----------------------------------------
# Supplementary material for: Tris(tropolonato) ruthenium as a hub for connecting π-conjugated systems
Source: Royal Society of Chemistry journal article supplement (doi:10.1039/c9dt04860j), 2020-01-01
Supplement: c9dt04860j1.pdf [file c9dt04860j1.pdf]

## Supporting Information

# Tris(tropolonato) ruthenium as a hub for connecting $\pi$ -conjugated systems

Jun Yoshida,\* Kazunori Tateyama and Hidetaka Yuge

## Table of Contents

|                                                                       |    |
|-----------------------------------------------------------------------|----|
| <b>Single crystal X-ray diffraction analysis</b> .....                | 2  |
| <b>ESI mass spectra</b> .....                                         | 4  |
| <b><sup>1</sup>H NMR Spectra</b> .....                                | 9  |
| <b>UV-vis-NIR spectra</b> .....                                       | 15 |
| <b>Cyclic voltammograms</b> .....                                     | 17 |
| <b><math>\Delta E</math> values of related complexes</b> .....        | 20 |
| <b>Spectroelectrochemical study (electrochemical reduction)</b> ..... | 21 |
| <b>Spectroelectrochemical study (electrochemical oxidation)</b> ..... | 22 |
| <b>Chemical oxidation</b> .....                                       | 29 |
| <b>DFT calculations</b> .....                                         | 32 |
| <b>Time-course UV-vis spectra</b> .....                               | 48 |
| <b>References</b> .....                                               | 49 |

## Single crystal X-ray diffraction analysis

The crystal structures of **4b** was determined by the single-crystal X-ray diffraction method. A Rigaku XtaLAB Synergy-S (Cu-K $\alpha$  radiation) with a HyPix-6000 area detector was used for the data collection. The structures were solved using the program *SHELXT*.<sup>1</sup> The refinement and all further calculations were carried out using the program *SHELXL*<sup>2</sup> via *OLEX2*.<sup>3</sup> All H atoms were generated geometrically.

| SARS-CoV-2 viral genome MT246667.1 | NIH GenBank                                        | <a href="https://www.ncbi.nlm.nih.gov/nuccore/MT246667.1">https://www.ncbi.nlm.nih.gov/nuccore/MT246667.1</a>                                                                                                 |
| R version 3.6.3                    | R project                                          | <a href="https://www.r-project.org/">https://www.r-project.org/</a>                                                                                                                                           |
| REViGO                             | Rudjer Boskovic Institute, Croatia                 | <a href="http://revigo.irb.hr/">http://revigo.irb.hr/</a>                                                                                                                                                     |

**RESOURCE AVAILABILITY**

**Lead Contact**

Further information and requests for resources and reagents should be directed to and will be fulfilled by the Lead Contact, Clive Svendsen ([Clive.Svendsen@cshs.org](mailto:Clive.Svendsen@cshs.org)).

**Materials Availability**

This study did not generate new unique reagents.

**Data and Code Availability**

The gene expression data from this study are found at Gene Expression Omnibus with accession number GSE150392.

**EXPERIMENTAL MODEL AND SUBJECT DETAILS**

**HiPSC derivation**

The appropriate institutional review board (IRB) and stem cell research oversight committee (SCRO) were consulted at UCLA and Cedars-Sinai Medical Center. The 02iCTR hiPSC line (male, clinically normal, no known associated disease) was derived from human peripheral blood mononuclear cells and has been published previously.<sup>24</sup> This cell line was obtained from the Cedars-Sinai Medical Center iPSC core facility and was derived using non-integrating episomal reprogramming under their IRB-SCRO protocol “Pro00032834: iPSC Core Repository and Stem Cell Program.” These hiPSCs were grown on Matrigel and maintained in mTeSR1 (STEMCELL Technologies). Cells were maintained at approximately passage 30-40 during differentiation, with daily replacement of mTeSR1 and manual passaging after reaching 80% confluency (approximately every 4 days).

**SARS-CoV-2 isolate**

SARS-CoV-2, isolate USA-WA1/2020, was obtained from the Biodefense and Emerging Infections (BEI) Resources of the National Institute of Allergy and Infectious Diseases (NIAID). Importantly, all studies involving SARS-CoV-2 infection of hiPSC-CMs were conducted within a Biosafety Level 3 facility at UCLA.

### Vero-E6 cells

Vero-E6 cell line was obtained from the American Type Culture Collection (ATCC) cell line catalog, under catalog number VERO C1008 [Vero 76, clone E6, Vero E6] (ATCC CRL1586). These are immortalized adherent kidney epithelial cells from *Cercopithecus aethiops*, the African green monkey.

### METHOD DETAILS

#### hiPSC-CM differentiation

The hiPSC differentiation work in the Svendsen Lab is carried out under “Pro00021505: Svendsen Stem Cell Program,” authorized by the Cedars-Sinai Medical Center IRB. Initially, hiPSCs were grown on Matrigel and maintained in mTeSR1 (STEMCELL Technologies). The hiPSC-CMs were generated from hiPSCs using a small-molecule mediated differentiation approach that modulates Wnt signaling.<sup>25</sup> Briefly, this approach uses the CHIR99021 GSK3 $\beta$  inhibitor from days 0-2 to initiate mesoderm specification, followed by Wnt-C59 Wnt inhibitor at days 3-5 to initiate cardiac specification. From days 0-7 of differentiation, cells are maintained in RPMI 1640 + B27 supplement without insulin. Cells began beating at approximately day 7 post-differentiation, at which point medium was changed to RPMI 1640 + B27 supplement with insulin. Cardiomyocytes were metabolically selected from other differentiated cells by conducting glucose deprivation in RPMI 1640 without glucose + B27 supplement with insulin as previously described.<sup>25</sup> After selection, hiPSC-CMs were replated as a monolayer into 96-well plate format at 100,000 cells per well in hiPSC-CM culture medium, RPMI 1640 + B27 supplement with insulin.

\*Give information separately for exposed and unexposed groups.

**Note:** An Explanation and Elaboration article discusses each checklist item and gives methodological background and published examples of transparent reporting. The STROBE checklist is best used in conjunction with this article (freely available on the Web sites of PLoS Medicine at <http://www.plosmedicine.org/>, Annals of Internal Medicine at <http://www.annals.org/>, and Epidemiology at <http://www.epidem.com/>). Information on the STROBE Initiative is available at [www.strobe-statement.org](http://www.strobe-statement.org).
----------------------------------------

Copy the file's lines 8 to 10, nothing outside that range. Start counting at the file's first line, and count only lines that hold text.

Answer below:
|                                                                       |    |
|-----------------------------------------------------------------------|----|
| <b>Single crystal X-ray diffraction analysis</b> .....                | 2  |